I use visuals to create a level of cognitive dissonance as well as a way to remember key ideas. Choosing a visual that creates this is more challenging that one might think. Using images simply because they're pretty, likely isn't all that useful. Finding an image that evokes strong emotion or challenges the viewer to do a bit of processing can be effective.

September 20, 2010 | Unregistered CommenterDean Shareski

Hi Rati,

Sensible suggestions.


Hi Dean,

When you put it that way, I agree. I've done the same thing in a way with pictures of kids I call HPLUKs.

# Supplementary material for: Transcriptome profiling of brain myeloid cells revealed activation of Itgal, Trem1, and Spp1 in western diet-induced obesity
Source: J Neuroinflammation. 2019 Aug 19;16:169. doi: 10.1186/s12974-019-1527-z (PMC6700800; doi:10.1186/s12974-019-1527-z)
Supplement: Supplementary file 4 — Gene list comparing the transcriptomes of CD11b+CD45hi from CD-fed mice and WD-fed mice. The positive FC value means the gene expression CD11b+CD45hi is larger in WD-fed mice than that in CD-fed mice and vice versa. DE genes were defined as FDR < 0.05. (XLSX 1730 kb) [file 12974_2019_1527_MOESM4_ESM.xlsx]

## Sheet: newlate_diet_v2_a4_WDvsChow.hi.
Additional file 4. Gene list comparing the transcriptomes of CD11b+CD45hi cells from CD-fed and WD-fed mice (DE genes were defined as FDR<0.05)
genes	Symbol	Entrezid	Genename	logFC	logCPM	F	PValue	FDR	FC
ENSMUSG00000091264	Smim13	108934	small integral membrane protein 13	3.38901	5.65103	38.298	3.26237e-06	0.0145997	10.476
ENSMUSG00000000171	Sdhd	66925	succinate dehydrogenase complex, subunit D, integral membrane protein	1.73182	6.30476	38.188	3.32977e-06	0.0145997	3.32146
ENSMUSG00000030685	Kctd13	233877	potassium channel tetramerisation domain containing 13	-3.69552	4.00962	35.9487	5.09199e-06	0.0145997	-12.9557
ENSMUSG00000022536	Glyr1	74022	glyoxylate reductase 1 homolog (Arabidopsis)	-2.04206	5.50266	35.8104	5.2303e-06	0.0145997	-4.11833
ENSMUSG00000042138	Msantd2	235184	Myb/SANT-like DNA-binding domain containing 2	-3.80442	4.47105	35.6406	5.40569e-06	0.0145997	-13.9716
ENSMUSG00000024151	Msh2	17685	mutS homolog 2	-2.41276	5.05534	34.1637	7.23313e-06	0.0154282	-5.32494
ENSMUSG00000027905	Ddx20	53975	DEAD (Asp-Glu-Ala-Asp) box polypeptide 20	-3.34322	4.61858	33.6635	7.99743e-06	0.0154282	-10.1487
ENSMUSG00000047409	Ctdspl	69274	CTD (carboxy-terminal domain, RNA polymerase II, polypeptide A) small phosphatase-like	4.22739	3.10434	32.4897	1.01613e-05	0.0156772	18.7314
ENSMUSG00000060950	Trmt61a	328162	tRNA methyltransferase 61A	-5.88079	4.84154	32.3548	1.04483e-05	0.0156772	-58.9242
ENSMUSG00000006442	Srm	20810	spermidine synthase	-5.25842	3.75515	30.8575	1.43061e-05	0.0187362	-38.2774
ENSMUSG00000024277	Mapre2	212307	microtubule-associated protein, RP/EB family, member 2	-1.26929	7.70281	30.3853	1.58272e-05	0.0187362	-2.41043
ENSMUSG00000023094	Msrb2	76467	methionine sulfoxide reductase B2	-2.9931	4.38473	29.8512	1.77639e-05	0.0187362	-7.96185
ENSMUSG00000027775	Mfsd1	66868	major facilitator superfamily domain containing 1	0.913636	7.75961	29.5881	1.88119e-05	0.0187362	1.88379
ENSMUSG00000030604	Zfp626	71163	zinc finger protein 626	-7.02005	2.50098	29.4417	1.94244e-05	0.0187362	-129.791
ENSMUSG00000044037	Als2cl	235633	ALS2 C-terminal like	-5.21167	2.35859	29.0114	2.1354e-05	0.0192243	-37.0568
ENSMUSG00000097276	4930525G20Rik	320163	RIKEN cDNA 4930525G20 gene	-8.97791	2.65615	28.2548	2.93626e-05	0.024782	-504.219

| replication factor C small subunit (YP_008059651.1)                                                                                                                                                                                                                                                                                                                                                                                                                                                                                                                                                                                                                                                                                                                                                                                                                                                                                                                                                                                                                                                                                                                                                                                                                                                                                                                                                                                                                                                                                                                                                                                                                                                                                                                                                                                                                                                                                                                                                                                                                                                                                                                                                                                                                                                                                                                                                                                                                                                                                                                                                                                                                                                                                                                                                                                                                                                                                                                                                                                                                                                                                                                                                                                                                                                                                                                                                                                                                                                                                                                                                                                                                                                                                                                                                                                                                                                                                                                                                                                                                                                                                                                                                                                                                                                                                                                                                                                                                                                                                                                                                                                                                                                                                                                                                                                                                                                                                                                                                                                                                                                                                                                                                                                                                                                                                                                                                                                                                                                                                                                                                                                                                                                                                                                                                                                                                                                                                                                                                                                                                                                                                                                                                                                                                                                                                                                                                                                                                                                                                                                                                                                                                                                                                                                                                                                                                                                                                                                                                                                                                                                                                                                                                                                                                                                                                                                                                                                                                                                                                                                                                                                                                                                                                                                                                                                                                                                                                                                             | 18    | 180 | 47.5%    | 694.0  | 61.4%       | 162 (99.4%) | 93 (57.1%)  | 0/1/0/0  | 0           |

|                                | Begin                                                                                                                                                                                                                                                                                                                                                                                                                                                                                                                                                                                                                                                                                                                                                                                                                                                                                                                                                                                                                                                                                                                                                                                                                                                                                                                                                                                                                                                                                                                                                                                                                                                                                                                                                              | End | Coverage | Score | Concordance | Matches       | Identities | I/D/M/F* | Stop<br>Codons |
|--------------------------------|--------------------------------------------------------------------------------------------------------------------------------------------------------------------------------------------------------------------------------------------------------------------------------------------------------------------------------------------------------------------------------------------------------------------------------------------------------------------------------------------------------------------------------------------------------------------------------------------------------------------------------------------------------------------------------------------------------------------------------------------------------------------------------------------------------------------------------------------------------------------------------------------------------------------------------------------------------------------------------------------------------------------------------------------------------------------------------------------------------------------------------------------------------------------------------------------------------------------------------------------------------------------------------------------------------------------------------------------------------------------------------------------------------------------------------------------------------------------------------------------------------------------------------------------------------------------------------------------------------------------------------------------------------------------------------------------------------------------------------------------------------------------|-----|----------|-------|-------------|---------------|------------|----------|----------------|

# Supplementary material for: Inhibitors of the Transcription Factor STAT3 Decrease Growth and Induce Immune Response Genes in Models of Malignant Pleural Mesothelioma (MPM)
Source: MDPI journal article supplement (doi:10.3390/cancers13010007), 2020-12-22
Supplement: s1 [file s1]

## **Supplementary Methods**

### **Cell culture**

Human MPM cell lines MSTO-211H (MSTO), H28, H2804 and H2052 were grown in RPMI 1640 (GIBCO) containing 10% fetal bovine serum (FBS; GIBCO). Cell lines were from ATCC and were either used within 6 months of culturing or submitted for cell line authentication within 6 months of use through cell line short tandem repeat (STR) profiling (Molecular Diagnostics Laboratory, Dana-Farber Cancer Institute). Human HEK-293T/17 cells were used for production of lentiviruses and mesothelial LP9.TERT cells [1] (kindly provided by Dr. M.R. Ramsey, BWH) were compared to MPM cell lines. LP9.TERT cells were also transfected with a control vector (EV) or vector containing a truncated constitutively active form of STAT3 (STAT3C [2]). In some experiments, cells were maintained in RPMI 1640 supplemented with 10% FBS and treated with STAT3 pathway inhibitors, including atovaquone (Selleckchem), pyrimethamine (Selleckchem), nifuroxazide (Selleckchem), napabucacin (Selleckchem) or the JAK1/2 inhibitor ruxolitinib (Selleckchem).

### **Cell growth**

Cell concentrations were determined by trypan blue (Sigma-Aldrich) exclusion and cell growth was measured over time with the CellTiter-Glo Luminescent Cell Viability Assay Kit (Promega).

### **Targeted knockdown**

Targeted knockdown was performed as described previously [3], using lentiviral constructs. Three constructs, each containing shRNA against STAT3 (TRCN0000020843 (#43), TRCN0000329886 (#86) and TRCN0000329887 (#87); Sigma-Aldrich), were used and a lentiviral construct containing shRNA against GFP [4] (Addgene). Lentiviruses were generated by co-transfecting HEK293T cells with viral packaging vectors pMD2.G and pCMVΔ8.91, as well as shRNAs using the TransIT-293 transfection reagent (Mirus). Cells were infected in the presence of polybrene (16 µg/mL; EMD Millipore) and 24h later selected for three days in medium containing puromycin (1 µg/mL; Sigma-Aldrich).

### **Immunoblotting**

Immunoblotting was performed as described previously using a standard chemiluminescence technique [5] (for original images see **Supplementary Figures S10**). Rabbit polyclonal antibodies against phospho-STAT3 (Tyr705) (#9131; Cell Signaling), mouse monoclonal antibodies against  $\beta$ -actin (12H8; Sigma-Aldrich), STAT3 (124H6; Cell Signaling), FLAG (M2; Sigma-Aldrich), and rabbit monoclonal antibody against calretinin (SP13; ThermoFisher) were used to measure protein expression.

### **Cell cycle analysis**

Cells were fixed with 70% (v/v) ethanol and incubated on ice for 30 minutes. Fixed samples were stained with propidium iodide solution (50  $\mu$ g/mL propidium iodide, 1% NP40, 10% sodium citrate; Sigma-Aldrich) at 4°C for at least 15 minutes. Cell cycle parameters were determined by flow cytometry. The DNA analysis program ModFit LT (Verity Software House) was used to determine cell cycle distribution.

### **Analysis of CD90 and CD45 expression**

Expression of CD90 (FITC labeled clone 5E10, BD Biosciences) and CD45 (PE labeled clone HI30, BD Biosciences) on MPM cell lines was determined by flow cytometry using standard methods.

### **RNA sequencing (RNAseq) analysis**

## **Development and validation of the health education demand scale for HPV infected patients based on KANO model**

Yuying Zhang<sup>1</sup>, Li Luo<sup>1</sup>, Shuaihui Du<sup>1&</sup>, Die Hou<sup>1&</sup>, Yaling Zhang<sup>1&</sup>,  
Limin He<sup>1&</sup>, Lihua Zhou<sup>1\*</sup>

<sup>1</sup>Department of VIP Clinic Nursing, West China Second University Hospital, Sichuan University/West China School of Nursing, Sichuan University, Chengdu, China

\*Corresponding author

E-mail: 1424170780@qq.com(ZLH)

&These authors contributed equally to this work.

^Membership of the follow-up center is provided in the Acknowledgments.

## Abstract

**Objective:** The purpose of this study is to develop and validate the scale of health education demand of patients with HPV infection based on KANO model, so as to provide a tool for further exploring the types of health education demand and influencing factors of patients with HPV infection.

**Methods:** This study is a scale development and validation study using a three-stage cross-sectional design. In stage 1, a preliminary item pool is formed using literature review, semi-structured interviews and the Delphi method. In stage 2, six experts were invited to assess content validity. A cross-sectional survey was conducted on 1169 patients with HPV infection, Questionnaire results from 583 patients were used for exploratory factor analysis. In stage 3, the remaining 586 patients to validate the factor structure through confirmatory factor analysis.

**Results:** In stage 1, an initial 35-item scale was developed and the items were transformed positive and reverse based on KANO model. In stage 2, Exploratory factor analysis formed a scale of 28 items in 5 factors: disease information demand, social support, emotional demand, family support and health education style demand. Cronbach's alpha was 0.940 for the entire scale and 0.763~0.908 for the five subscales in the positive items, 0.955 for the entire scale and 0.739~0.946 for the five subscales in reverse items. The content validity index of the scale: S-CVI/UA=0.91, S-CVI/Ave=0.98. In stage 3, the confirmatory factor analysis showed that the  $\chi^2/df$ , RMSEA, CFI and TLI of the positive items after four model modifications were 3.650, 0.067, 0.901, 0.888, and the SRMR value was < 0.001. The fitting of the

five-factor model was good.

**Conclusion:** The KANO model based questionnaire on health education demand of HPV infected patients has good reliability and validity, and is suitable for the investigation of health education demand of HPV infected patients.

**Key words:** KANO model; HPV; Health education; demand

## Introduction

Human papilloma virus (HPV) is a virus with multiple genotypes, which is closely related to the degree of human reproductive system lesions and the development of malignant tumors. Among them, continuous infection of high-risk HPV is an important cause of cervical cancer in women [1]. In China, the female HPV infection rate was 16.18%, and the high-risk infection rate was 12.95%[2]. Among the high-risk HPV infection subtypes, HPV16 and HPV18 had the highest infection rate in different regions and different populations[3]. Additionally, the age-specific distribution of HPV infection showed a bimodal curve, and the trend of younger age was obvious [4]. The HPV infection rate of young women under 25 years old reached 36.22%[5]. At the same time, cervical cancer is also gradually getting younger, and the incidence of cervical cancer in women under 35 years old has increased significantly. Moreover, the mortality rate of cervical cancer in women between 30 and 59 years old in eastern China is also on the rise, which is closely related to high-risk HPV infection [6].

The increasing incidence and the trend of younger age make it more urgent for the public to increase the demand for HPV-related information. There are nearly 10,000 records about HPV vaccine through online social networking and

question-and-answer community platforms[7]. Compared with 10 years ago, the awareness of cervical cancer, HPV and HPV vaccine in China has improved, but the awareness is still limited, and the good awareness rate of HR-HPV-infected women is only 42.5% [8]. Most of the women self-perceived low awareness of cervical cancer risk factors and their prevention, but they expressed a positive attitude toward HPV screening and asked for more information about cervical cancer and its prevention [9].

Thanks for the comment,


September 21, 2010 | Registered CommenterDoug Johnson

Rati or Doug,
Do you have a rubric on hand for presentations? I would love to see one and use it with my students during my library/media classes. I am really working on teaching my third and fourth graders how to appropriately utilize presentation tools such as PowerPoint and I need a little help with what my expectations should be. Even if your rubric is for another grade level, I would love to see it and modify it for third and fourth graders. Thanks!

September 22, 2010 | Unregistered CommenterGrace

Hi Grace,

My suggestion might be to visit Rubistar <> and do a search on Powerpoint and similar terms. I thought the rubric created for Bone & Stones was pretty good regarding Powerpoint slide use (but not so much on content).

Hope this helps,


September 22, 2010 | Registered CommenterDoug Johnson